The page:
Calgary Police Claims Listening To ‘Heavy Rock Music’ May Mean You’re In A Hate Group

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Ian Miles Cheong Contributor
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Police in Calgary have reignited the Satanic Panic of the 1980’s with the release of a pamphlet advising parents of possible signs that their child might be in a hate group. The police claim that listening to “loud, heavy rock music with violent lyrics” is a warning sign.

Following the events in Charlottesville in mid-August, the tech industry has worked to sequester and deplatform white supremacist websites. Silicon Valley isn’t alone in its efforts, and has been joined by the music industry. Companies like Spotify have removed white supremacist and neo-Nazi content from streaming platforms.

In its attempt to promote vigilance against the rise of hate groups, Calgary Police in Canada released an advisory for parents titled “Signs of a Child Being Part of a Hate Group.” It runs the gamut of common warning signs like “wearing or displaying Nazi propaganda” and “racist graffiti, drawings and doodling,” but also includes more innocuous activities.

In addition to advising parents about children who “change their appearance” and “sudden lack of interest in school” — both of which are habits of typical teenagers — the list suggests that children who play “loud, heavy rock music with violent lyrics” may be part of a hate group.

The police force came under fire from the Canadian public shortly after they put out the memo. Speaking to Toronto Metro, a hardcore music fan accused the police of promoting outdated stereotypes about heavy metal and rock music.

“My son, he listens to heavy metal, and he’s one of the nicest kids ever, but I tend to see him lumped into a group he doesn’t belong in,” said Robert Riggs, adding that the stereotype was like the idea that video games cause violence.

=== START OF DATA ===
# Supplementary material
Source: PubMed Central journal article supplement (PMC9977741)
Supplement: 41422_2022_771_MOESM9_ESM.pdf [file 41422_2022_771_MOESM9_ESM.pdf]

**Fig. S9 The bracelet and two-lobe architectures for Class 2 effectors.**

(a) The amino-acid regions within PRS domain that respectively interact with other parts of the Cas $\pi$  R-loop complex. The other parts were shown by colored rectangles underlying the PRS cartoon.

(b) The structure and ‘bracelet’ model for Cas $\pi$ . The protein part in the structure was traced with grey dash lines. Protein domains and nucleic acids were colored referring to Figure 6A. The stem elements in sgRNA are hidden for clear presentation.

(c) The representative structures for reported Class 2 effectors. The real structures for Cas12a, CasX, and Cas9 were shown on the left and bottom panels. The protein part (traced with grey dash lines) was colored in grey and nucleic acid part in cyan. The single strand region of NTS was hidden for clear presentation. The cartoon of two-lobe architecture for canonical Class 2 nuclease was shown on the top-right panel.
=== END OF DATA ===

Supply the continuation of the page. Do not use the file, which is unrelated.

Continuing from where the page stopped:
“It’s not monkey see, monkey do,” he said.  Kids see their parents go to work all time, and they don’t suddenly get up and find a job at seven-years-old.”

A spokesperson for the Calgary Police disagrees with Riggs, stating that listening to heavy rock music is a “common trend” in hate groups. “We’re not saying all people who listen to rock music are part of hate groups, but there tends to be a correlation – people who are involved with hate groups tend to be involved in that kind of music.”

Following the story’s publication in Toronto Metro last week, Calgary Police changed the description to remove “rock” out of the sentence, but the claim that people who listen to “loud, heavy music with violent lyrics” may be neo-Nazis remains online.

In the ‘80s, lawmakers, politicians, and moral crusaders promoted a scare in what has become known as the Satanic Panic. Tipper Gore created the Parents Music Resource Center to take rock and heavy metal music to task for supposedly containing sexual, violent, or occult content. As an in-depth Noisey article suggests, the list of songs, notoriously known as the “Filthy Fifteen,” pilloried music seemingly picked at random.

Ian Miles Cheong is a journalist and outspoken media critic. You can reach him through social media at @stillgray on Twitter and on Facebook.